“It’s possible the BJP alone will get 272,” Singh, 62, told Bloomberg TV India in an interview aired today, referring to the number of seats needed to win a majority out of 543 up for grabs. “This can’t be ruled out.”
The BJP is set to win 188 seats in the election, surpassing the 182 seats it won in 1999, according to a C-Voter poll for India Today published on Jan. 23. Congress may get as few as 91 seats versus 210 now, dropping to its lowest tally on record, the poll indicated.
The BJP is seeking to harness voter anger over higher prices of everything from onions to medicines as it seeks to end Prime Minister Manmohan Singh’s decade-long rule. The Congress- led government has been beset by corruption scandals, elevated consumer-price inflation that averaged about 10 percent in 2013, and the weakest economic growth in a decade.
“Bringing new allies is the real challenge to touch 272,” said Jai Mrug, an independent political analyst in Mumbai who conducts opinion polls. “The BJP has lots of public support, but to claim that they will get 272 on their own is typical political bravado.”
Rajnath Singh, no relation to the prime minister, said the BJP is speaking with regional parties he declined to identify to widen its coalition to ensure victory. No single party has won a majority since the 1984 elections, when Congress took almost 80 percent of all seats.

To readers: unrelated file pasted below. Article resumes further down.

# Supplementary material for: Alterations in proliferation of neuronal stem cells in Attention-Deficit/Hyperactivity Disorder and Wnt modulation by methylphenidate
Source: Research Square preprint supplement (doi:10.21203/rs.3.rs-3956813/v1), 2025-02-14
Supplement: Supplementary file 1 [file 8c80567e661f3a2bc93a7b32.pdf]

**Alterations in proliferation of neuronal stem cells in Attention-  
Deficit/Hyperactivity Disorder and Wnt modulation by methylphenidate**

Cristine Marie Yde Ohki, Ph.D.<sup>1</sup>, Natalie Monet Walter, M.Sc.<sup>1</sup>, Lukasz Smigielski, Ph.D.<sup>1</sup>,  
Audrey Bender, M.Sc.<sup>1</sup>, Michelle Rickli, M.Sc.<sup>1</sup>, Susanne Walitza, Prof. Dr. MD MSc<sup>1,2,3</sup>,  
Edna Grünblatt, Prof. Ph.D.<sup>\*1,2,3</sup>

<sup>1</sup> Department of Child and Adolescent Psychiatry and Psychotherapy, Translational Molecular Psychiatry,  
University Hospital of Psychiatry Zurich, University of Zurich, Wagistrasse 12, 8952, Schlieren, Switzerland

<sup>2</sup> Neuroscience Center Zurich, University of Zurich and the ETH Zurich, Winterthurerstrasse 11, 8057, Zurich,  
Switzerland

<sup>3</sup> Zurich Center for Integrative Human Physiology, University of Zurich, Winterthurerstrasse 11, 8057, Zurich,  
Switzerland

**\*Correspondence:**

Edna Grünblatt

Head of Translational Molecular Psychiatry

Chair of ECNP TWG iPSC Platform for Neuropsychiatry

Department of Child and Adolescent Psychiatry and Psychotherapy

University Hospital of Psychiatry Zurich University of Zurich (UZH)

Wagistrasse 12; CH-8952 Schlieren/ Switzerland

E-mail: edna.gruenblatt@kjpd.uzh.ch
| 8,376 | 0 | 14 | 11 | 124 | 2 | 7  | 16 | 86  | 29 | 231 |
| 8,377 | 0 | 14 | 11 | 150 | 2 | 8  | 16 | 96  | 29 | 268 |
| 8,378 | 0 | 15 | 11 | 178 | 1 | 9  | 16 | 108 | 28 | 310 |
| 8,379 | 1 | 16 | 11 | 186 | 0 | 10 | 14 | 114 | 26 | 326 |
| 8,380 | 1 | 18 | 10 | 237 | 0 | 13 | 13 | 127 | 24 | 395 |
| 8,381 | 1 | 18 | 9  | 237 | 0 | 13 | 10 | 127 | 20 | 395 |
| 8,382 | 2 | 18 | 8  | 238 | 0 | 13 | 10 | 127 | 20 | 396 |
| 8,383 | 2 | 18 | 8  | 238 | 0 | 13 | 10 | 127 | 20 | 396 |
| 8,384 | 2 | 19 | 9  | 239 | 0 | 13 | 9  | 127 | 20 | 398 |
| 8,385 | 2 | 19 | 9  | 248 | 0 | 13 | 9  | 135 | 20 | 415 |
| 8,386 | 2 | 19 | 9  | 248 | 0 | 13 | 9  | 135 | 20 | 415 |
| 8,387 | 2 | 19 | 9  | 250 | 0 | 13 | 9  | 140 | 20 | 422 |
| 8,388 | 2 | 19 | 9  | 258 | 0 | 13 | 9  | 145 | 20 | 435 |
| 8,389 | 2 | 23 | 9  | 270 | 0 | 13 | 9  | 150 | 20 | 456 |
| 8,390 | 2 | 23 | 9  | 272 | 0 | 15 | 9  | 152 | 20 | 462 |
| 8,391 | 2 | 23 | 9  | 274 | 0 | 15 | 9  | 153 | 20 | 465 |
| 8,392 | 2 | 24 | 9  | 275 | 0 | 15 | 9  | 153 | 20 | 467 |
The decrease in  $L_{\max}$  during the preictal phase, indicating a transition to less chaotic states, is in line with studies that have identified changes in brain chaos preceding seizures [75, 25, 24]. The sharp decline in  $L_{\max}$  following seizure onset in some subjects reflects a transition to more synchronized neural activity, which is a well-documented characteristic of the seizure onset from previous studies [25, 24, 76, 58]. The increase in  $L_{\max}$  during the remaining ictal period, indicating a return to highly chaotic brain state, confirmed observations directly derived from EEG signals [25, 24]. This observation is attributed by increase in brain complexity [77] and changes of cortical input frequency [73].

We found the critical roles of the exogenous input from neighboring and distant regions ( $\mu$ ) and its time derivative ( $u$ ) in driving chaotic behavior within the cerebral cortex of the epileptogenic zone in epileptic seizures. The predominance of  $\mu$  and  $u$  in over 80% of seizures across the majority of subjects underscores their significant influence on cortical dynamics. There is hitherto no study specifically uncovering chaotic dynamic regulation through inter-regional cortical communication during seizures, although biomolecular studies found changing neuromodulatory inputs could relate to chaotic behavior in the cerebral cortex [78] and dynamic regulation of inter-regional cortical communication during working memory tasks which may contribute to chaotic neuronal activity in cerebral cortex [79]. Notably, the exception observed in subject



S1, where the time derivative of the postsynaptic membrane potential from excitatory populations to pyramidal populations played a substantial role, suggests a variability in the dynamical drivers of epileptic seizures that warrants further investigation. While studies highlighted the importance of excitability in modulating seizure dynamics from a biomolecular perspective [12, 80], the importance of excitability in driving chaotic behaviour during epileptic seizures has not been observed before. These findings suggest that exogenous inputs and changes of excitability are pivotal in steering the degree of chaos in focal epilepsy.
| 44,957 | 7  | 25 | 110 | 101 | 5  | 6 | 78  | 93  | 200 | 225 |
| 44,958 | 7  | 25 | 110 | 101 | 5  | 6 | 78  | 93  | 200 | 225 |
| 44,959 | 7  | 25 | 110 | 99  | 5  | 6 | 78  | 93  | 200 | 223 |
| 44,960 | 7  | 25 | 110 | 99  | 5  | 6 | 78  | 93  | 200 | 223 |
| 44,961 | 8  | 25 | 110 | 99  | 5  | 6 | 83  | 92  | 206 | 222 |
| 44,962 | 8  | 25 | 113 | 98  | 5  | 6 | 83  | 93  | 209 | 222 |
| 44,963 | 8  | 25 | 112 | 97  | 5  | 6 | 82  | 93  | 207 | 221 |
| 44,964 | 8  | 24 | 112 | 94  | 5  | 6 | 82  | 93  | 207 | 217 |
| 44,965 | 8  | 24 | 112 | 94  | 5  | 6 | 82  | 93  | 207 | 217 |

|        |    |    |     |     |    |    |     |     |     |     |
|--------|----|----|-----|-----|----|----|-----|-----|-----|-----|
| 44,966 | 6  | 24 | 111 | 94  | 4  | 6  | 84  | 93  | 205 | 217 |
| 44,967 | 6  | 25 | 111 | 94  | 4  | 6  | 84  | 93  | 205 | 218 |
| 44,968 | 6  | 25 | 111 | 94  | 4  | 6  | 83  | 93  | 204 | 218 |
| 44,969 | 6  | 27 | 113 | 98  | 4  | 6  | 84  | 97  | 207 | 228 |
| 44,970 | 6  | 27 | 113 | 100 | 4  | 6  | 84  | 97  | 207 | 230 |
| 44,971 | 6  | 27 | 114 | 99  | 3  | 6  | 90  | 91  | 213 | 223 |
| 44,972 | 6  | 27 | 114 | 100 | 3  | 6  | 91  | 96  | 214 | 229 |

“With our allies if we are getting 220 seats now, then in four months the number will exceed 272,” Singh said.
The BJP and its allies would win 212 seats, more than the 159 seats they took in the 2009 elections, while the Congress-led alliance would get 103 seats, the C-Voter poll found. A separate survey on Jan. 24 showed the BJP winning as many as 210 seats, with a maximum of 108 for Congress.
Singh, a former chief minister of Uttar Pradesh state, said a BJP government would seek to curb inflation, boost output of food grains and spur investment in infrastructure.
The former federal agriculture minister also advocated “time-bound” clearance through a “single window” for easier and faster approval of projects. Singh said the BJP is concerned about the depreciation of the rupee, which has dropped about 14 percent against the dollar in the past year.
Singh said the party is “seriously considering” a review of the country’s tax system, describing it as too complicated. The BJP won’t change its opposition to overseas investment in supermarkets selling multiple brands as that would lead to job losses among small shopkeepers, he said.
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